by Adam Epstein @aepstein
Last week, I attended a “4D” screening of Batman v Superman at a brand new theater in New York City. It was not the immersive experience that it claimed it would be. And while its technology—including artificial wind and rain, moving seats, smoke, and smells—might seem new to many moviegoers, similar gimmicks have existed in theaters for a half-century.
Perhaps the most infamous of these gimmicks was “Smell-O-Vision,” first available to olfactory-intrigued cinema attendees in 1959. Since then, dozens of other sensory innovations (if you can call them that) have entered theaters. Most of them have not been successful, as audiences find that they prefer a more straightforward movie experience. But others undeniably made their marks on the history of film, and today we still see their effects on the industry.
Below is timeline of cinema’s most wacky sensory gimmicks, from old-world Smell-O-Vision to today’s 4DX.
Movie theater gimmicks, 1958-present
Following World War II, the film industry faced new competition from television, which was rapidly gaining popularity in the US and around the world. On top of that, a 1948 landmark US Supreme Court antitrust case, United States v. Paramount Pictures, led to higher theater costs and fewer movies being produced. Film directors and industry marketers decided to come up with some patently absurd gimmicks to lure audiences back to the theater.
1958: Pioneering horror director William Castle starts making a number of low-budget thrillers that each incorporate some kind of physical, in-theater gimmick.
Macabre (1958): Attendees are guaranteed $1,000 in compensation if they literally die of fright during a screening. No one does.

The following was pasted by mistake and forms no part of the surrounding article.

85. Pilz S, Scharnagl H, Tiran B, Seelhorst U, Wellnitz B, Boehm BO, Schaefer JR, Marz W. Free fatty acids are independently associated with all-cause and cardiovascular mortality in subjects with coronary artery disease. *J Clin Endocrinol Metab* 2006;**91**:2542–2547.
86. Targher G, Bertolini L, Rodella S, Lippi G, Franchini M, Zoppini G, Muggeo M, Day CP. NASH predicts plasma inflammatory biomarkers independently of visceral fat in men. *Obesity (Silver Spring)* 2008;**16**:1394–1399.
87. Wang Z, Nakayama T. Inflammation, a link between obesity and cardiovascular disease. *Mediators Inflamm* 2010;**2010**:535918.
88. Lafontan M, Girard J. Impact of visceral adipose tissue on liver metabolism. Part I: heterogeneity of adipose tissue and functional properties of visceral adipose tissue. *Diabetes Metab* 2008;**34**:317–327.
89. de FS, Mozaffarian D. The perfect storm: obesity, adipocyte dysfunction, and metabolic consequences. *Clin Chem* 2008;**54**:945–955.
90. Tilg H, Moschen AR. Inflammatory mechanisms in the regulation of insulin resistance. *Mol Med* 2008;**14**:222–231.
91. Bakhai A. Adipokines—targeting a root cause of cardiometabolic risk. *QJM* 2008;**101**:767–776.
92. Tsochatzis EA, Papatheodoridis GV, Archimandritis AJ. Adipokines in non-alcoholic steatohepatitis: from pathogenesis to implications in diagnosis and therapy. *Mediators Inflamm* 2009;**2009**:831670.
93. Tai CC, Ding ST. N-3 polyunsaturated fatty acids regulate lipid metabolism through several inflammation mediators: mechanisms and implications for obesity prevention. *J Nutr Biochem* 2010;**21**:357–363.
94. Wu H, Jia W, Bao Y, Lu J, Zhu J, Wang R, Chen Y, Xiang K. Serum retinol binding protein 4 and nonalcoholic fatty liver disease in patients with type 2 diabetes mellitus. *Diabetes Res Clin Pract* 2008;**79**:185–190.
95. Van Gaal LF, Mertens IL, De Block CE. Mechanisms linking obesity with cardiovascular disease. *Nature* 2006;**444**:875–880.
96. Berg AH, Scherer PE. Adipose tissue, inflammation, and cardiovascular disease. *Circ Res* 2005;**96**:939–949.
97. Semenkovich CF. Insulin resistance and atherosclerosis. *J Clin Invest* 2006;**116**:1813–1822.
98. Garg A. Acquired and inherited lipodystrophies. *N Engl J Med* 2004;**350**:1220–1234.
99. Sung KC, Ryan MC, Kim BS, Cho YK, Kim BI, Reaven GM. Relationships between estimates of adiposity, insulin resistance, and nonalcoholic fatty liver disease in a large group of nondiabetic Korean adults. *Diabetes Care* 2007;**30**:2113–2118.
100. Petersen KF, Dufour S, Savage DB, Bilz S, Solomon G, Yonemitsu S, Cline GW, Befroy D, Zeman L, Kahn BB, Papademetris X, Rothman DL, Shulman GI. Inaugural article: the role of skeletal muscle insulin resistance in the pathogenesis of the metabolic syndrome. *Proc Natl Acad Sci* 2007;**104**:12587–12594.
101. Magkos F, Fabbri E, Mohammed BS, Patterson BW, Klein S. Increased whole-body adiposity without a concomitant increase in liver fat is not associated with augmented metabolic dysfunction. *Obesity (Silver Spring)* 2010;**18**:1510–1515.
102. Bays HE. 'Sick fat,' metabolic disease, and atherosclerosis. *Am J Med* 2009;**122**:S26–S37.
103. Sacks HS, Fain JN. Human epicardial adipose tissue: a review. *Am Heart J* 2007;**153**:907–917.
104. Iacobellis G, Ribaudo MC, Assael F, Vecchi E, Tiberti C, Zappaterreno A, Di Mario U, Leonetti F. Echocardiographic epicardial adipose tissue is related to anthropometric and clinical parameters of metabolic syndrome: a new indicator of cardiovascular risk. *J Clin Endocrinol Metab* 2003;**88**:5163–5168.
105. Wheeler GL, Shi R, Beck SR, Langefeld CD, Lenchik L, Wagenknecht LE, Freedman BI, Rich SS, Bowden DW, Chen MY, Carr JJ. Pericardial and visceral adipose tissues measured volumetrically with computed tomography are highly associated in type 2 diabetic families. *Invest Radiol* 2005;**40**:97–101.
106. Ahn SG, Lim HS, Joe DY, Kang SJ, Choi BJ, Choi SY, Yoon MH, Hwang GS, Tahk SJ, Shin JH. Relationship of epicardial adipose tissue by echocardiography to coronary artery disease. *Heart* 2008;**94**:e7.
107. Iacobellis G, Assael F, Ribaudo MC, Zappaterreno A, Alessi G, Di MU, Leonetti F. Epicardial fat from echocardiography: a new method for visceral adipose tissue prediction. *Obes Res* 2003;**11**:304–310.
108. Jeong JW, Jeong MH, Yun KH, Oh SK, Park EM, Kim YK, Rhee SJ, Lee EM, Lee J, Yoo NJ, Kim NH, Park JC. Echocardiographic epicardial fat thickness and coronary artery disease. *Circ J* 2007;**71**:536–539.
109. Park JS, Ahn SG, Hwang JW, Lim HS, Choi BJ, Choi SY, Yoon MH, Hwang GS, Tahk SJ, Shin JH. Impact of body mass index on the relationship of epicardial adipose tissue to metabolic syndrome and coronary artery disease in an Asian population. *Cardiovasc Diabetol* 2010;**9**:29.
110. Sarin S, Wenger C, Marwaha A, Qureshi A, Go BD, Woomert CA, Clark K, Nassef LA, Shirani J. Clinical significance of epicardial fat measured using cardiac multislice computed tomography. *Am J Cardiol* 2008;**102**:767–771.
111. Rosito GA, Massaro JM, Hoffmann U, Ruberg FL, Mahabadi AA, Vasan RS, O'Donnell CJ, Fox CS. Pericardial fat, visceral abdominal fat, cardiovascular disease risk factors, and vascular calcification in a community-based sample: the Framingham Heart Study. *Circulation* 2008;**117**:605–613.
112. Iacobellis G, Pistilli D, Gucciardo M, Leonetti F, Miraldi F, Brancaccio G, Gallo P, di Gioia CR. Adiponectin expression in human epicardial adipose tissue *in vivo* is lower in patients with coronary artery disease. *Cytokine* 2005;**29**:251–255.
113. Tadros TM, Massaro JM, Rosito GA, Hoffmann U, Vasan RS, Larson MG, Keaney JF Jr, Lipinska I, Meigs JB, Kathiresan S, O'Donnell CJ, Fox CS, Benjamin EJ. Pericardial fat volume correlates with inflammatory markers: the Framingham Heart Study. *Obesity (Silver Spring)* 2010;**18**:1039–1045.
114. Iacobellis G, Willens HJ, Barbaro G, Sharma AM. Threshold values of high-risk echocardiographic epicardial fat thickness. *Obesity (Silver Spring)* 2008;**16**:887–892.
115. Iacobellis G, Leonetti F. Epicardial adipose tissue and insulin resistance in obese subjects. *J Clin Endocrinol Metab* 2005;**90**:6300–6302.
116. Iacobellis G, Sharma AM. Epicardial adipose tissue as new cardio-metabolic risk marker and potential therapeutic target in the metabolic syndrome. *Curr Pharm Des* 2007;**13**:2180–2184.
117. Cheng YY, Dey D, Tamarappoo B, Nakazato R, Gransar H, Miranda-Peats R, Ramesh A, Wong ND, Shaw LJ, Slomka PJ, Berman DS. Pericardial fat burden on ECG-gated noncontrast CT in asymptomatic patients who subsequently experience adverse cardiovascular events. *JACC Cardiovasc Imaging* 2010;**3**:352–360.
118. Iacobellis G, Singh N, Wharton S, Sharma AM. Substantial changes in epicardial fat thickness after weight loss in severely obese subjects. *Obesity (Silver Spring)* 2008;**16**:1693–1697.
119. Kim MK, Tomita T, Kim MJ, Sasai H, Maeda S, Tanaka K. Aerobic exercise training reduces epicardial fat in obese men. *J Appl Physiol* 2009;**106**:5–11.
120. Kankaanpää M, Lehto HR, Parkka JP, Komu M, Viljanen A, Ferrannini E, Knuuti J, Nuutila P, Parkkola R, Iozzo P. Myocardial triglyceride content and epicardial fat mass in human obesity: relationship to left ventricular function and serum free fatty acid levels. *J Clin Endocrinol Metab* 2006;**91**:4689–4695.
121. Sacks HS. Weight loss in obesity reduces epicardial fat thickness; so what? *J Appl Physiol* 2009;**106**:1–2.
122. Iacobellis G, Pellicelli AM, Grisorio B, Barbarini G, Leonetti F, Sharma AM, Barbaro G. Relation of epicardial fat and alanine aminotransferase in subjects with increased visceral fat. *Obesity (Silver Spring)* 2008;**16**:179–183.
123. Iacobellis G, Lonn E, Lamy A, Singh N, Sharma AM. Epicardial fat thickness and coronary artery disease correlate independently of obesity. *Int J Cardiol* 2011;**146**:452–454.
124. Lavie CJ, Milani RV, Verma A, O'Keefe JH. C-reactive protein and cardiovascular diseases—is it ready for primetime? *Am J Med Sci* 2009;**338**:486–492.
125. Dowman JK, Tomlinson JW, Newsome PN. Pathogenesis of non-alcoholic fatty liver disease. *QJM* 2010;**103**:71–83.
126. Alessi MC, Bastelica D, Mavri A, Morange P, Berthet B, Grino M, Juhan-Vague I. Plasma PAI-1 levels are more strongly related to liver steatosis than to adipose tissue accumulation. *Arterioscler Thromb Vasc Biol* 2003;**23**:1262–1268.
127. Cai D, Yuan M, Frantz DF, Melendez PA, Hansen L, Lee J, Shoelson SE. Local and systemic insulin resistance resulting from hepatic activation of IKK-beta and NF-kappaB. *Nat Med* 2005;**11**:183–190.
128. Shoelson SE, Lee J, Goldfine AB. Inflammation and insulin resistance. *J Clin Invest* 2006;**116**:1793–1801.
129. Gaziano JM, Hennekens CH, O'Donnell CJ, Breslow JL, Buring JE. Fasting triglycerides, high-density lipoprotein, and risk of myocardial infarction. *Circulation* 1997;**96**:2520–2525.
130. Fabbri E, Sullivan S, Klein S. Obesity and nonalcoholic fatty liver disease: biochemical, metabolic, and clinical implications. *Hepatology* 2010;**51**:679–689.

House on Haunted Hill (1959): A skeleton flies over the audience, mimicking the ending of the movie.
The Tingler (1959): Audience members’ seats are rigged with electric buzzers.
1959: “AromaRama,” a technology that sends scents through a movie theater’s air conditioning system, is used for the first time for the film Behind the Great Wall. The New York Times gives the experiment a scathing review.
1959: Only a few weeks later, “Smell-O-Vision,” a similar technology, is used for the film Scent of Mystery. Instead of employing the theater’s AC system, Smell-O-Vision pumps smells out of a series of vents beneath the seats. It doesn’t work very well and soon fades into oblivion.
1959: A hypnotist tries to hypnotize moviegoers before a screening of Horrors of the Black Museum (video). It’s used only once.
1974: “Sensurround,” which added massive low-range speakers to movie theaters, debuts with the film Earthquake. The vibrations caused by the bass sound effects attempt to recreate the feeling of being in an earthquake. The film is a success, but Sensurround is only used in four more movies thereafter.
1981: Director John Waters releases Polyester, a black comedy featuring a new sensory experience he calls “Odorama,” inspired by Smell-O-Vision. Moviegoers are given scratch and sniff cards that correspond with moments in the film. On the film’s DVD commentary (released in 2004), Waters boasts that he “actually got the audience to pay to smell shit.”
1984: The “Sensorium” opens at a Six Flags theme park in Baltimore and is called the first true 4D movie theater. It’s complete with rumbling seats and various theater-filling scents.
1991: Muppet Vision 3D debuts at Disney World’s Hollywood Studios in Florida. The show features in-theater Muppet animatronics and soap bubbles.
1994: Honey, I Shrunk the Audience! opens at Epcot, also at Disney World. Based on the popular Disney film Honey, I Shrunk the Kids, the 4D movie “shrinks” the audience, who are on a moving platform.
2009: The first 4DX theater debuts in South Korea. In 2010, after the theater screens James Cameron’s Avatar in 4D, the technology expands throughout Asia, and later into Mexico and Brazil.
2011: D-Box vibrating, motion chairs are installed in several theaters around the world.
2011: Merlin Entertainments, the company behind Legoland theme parks, opens a 4D cinema at the Sydney Tower Eye, which incorporates a number of physical effects including actual fire.
2011: Spy Kids: All the Time in the World is released, one of the first mainstream Hollywood movies to be billed as “4D.” It is critically panned.
2014: 4DX debuts in the US (Los Angeles) and outperforms traditional movie theaters.